The six selected items from Berk et al. [11] therefore were: 1) My mentor was accessible, 2) my mentor was approachable (personality, manner), 3) my mentor was supportive and encouraging, 4) my mentor provides direction and guidance regarding my course of study, doctoral thesis or career management, 5) my mentor motivated me to reach my objectives, 6) my mentor answered my questions satisfactorily (e.g., timely response, clear, comprehensive). We used a 6-point Likert scale from 0 “strongly disagree” to 5 “strongly agree” and responses to all six items were mandatory as we felt that all were essential. The sum of these 6 items results in a total score (PAM), from 0 to 30 for the personal aspects of the mentoring relationship.

The second part of MEMeQ deals with the content aspect of mentoring relationships (CAM). This part includes protégés’ perceptions of instrumental support behaviors [16] considering individual areas of interest and goals. We adapted the core concept of the Schedule for Meaning in Life Evaluation (SMiLE) [21, 22] and transferred it to the mentoring setting. Protégés first define one to seven individual areas of interest in their mentoring relationships. They then assign relative levels of importance to each area of interest on an 8-point Likert scale from 0 “not important” to 7 “extremely important”. In contrast to the original conception of the SMiLE-questionnaire, Brandstätter et al. [22] introduced an 8-point Likert scale for the importance ratings to avoid ceiling effects (previously a 5-point scale). Finally, they rate their individual levels of satisfaction with the support they experienced in each area on a 7-point Likert scale from −3 “very unsatisfied” to +3 “very satisfied”.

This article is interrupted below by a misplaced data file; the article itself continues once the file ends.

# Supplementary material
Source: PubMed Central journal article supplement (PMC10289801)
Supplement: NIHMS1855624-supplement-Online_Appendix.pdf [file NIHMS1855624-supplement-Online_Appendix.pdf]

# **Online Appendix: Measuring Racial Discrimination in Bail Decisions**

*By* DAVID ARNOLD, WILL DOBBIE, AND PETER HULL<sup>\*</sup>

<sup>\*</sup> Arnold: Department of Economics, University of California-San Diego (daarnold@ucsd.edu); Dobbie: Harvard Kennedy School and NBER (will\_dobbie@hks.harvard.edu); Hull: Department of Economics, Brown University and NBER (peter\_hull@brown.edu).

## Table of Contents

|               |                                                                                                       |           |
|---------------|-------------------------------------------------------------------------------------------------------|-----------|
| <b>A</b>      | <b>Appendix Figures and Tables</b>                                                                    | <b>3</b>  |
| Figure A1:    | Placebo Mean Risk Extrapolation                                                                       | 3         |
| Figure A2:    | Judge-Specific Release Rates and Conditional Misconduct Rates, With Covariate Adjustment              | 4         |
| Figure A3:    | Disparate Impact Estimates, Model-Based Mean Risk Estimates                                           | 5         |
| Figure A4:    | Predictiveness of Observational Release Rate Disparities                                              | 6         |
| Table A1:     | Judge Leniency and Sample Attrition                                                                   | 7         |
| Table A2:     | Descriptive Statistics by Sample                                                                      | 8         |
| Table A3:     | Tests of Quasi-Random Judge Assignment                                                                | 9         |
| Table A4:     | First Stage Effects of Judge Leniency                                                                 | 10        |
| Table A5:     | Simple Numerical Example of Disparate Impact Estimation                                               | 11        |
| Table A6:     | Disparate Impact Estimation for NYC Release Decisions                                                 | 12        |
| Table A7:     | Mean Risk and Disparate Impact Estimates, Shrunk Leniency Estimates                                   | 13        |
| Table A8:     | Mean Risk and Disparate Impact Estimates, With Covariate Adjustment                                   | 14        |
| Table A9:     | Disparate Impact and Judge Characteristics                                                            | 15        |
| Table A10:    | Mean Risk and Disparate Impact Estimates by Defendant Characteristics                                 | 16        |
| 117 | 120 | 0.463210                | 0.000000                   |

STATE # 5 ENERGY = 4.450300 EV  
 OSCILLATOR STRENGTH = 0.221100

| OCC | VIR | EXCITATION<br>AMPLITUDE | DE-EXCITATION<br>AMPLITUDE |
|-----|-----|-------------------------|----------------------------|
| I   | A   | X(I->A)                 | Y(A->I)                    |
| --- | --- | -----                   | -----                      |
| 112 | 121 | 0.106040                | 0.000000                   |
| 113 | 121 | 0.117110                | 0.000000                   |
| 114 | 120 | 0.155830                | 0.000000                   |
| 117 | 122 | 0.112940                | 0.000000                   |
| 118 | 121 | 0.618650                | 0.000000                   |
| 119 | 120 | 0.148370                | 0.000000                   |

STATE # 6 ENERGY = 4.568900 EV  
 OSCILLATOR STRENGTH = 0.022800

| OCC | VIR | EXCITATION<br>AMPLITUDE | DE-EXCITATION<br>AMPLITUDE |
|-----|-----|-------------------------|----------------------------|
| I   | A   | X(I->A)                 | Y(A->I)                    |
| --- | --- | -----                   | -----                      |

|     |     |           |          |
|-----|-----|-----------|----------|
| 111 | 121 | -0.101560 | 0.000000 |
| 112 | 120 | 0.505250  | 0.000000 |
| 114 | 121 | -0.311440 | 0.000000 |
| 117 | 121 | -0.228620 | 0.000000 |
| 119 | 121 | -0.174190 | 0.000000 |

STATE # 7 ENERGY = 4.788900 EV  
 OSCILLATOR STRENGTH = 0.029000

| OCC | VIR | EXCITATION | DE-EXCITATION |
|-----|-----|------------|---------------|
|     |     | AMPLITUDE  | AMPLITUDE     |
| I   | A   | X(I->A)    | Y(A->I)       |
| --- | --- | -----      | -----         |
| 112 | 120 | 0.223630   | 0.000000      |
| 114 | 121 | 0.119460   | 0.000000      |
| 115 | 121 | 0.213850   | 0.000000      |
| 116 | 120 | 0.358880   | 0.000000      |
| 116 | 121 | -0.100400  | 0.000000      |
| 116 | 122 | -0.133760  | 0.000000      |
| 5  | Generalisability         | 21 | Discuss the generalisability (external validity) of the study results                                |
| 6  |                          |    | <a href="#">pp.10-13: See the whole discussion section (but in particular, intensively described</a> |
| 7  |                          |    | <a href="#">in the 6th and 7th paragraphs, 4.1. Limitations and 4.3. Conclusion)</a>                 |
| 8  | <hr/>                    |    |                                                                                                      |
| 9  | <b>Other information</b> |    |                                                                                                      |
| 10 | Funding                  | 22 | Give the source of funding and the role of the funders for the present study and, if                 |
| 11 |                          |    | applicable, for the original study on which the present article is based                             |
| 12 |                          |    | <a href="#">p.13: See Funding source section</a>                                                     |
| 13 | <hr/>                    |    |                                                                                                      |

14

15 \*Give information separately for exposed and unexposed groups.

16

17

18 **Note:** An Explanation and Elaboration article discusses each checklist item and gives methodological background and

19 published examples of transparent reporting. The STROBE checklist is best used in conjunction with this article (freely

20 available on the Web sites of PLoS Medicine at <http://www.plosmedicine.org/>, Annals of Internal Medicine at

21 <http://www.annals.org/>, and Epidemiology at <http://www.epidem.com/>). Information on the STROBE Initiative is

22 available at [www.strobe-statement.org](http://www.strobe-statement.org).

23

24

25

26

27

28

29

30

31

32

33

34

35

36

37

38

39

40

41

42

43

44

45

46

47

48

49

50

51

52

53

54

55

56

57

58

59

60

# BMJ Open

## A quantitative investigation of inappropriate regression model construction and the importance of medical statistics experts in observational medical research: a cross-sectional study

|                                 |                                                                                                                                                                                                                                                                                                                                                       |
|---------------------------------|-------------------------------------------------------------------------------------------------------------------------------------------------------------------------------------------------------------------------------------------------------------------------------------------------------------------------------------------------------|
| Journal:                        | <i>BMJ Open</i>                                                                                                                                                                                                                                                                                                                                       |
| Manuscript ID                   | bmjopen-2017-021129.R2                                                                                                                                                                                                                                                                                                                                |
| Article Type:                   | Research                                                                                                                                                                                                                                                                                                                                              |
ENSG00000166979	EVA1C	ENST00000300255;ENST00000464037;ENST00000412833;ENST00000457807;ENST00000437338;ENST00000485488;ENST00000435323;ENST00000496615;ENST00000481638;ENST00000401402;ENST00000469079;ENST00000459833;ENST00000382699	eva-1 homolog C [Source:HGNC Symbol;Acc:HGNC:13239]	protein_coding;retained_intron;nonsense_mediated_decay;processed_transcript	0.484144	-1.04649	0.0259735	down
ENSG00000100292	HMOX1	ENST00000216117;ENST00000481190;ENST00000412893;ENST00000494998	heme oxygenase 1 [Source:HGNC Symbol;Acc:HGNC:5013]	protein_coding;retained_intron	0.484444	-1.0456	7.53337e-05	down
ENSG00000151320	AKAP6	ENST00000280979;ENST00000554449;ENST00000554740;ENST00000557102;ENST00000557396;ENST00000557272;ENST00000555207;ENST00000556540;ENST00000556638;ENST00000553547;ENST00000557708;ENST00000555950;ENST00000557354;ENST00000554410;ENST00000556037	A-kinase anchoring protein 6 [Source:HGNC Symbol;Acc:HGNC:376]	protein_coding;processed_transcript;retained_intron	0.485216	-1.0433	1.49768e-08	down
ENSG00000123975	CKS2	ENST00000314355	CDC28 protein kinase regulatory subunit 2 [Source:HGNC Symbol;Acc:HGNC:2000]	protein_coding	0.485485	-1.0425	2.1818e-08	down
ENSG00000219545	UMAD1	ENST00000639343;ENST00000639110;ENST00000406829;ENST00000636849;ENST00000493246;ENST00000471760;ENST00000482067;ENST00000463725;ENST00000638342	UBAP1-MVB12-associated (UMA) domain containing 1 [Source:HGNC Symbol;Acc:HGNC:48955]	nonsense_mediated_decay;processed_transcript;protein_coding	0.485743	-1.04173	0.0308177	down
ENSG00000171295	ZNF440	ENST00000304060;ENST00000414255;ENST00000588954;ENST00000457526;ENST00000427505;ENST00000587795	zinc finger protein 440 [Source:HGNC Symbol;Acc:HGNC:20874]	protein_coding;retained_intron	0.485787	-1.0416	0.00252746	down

By using a modified transformation [21, 22], overall indices are calculated from the importance ratings (IoW, 0–100) and the satisfaction ratings (IoS, 0–100). The combination of both, IoW and IoS, results in the overall index of weighted satisfaction (IoWS = CAM, 0–100).

Concerning the IoW, „not important“(wi = 0) is set to w’i = 0 and „extremely important“(wi = 7) is set to w’i = 100 with the levels of 14.3, 28.6, 42.9, 57.2, 71.5 and 85.8 in between.